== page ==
next up previous contents
Next: Summary Up: The Forward model - Previous: Point spread function   Contents

Pixel sensitivity

The basic assumption for this analysis is that the camera has an unintensified CCD-detector giving a linear response to both photon intensity and total number of photons. From this assumption it follows that the detected intensity depends linearly on both the total number of photons and the intensity. Thus, provided that no non-linearities are added (Brändström private communication), the output from the pixel with image coordinates $ u,v$ is:

$\displaystyle I(u,v) = A_{u,v}\cdot \tilde{I}_{u,v}+Z_{u,v}+C_{u,v}(t)$ (5.18)

where $ I_{u,v}$ is the intensity in pixel $ (u,v)$, $ A_{u,v}$ is the sensitivity of the pixel, $ \tilde{I}_{u,v}$ is the number of photons that hit the pixel, $ Z_{u,v}$ are the zero level, and $ C_{u,v}(t)$ the dark current of the pixel.

To calibrate the camera the first step is to make a large series of images with zero time of exposure to get as good an estimate as possible of $ Z_{u,v}$. The second step is to take a large number of images without any light to estimate the dark current $ C_{u,v}(t)$; this has been done with sufficient accuracy for the ALIS cameras.

When the zero level and dark current is determined it is possible to rewrite equation (5.18):

$\displaystyle I^\prime_{u,v} = A_{u,v}\cdot \tilde{I}_{u,v}$ (5.19)

where $ I^\prime_{u,v} = I_{u,v}-Z_{u,v}-C_{u,v}(t)$. The third step is to determine the pixel sensitivity matrix $ A_{u,v}$. This can be done by taking set of images with different exposure times, which by simple algebra gives the estimate of the sensitivity matrix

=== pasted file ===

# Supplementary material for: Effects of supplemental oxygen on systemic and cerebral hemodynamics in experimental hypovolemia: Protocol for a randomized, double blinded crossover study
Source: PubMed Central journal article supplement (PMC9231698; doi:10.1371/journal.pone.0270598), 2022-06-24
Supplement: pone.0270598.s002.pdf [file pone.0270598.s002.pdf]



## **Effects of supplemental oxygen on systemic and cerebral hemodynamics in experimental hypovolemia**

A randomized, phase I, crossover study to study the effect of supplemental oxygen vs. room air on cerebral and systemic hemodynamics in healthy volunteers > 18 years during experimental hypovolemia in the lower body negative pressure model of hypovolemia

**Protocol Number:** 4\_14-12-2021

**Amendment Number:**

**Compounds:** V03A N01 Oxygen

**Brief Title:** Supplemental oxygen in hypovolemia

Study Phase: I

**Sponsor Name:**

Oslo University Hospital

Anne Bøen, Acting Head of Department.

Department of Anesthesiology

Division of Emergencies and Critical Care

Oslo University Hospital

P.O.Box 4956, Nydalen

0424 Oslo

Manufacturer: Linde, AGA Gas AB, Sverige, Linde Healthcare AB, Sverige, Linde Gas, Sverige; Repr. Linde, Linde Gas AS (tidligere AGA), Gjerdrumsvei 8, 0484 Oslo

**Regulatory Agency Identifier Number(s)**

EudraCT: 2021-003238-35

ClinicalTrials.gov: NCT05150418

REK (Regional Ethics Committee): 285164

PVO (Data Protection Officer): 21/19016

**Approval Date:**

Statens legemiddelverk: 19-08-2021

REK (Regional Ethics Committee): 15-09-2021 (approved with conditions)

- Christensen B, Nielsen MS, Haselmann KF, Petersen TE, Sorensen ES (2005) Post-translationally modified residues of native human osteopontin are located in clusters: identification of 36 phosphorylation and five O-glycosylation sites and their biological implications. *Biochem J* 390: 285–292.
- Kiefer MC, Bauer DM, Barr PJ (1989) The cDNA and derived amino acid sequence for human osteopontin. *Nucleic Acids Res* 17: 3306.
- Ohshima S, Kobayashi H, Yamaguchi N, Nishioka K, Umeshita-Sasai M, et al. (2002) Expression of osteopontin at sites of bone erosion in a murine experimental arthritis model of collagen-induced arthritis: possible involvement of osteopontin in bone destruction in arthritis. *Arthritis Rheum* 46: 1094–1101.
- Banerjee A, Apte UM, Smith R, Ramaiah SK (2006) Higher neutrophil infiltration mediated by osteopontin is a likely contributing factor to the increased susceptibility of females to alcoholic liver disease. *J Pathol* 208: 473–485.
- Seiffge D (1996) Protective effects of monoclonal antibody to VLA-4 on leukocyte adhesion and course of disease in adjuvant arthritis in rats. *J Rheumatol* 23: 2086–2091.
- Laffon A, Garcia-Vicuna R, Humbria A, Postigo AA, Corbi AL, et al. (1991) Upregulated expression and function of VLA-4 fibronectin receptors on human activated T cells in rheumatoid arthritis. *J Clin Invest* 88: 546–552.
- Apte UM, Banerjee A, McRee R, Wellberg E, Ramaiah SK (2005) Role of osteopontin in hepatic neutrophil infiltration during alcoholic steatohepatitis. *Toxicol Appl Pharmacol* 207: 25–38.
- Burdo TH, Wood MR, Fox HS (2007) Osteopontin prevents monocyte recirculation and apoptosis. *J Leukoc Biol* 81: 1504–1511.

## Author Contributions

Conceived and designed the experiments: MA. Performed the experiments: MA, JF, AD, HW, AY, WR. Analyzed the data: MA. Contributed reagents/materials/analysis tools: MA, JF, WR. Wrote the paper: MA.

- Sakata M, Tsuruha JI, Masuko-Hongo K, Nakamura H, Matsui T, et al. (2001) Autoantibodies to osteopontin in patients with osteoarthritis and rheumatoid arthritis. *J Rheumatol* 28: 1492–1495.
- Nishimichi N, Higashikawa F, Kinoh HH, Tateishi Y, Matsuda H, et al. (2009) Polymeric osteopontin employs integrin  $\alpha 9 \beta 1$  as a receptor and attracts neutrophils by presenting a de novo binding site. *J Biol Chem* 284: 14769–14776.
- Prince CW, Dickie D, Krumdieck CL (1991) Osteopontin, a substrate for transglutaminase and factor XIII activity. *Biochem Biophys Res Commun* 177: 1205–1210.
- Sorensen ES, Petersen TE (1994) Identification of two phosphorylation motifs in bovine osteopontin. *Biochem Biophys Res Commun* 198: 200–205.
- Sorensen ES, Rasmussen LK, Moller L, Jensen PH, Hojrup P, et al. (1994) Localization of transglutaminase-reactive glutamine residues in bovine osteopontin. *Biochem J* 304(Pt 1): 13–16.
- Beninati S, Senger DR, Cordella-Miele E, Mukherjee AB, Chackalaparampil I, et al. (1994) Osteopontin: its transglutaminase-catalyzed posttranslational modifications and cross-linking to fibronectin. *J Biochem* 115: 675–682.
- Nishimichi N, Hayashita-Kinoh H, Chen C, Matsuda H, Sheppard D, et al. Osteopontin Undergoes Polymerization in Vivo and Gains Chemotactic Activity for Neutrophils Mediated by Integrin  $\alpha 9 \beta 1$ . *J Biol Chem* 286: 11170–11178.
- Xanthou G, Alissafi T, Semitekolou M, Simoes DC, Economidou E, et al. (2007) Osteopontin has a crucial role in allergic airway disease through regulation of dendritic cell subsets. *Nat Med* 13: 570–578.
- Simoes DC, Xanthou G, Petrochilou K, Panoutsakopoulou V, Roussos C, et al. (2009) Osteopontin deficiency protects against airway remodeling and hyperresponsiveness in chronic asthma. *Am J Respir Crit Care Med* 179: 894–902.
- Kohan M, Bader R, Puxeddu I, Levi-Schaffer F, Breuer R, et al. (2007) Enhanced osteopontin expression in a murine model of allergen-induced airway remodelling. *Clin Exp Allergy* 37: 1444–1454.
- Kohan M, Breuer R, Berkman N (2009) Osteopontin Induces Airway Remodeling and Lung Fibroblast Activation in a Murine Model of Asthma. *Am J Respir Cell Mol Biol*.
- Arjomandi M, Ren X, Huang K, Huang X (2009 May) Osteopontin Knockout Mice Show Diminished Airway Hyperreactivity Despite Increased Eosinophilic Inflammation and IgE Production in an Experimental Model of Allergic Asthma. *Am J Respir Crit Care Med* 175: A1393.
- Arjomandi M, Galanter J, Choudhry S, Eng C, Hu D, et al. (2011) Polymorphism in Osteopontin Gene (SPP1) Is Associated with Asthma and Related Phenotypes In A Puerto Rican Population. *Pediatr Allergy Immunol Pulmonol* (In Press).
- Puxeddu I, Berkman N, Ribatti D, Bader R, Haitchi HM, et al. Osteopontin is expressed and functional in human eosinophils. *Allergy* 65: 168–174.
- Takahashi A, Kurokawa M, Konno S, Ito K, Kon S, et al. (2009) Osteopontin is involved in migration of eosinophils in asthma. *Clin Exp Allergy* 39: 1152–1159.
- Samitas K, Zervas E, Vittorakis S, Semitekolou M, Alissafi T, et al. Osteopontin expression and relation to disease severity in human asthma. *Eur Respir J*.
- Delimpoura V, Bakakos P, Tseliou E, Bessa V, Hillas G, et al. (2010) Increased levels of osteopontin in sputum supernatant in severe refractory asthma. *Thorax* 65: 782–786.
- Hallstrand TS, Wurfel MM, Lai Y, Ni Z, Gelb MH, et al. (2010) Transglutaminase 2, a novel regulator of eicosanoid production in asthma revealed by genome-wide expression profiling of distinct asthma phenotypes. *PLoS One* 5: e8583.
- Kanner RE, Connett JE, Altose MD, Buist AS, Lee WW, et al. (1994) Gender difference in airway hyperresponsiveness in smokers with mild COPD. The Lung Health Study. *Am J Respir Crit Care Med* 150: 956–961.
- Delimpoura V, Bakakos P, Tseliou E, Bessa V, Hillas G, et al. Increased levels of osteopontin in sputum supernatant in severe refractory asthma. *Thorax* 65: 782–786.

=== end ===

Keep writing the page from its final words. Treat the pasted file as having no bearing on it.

$\displaystyle A_{u,v} = \frac{I^\prime_{u,v}(t_1)-I^\prime_{u,v}(t_2)}{(t_1-t_2)\cdot \tilde{i}_{u,v}}$ (5.20)

where $ \tilde{i}_{u,v}$ is the number of photons per second that hit the pixel $ (u,v)$. The number of photons that hit the pixel has some random variation due to the Poisson characteristics of the emitting source. In addition to the Poisson noise the measured images $ I_{u,v}(t_1)$ and $ I_{u,v}(t_2)$ contain the internal noise of the camera. Even with an ideal detector, without internal noise, there will be a stochastic variance which is at least as large as the square root of the measured signal $ \sigma_{u,v} \approx
	    \sqrt{I_{u,v}}$. From equation (5.20) it follows that the variance of the sensitivity estimate is

$\displaystyle \sigma_{A}^2 = \sigma_{I(t_1)}^2 + \sigma_{I(t_2)}^2 \Rightarrow \sigma_{A} \approx 2\cdot\sqrt{I(t_2)}$ (5.21)

If the requirement on the accuracy of the sensitivity estimate is a relative error of $ \delta$, it is perfectly straightforward to derive the necessary condition on the total measured intensity needed:

$\displaystyle \frac{\sigma_A}{A} \leq \delta \Rightarrow \frac{2\sqrt{I}}{I} \leq \delta\Rightarrow \sqrt{I}\geq \frac{2}{\delta}$ (5.22)

This infers that if the accuracy requirements on the sensitivity is $ 5\cdot10^{-3}$ the needed total intensities in the pixel, $ I(t_1)$ and $ I(t_2)$ is $ 2\cdot10^6$ counts. With images with $ 3 \cdot 10^3 $ counts it is necessary to take the average of some 50 images to get the necessary accuracy. For ALIS, however, there is as yet no estimate of the sensitivity matrix with the required accuracy. However, there exists relative sensitivity estimates that give the relative average sensitivity of the different cameras.

next up previous contents
Next: Summary Up: The Forward model - Previous: Point spread function   Contents

copyright Björn Gustavsson 2000-10-24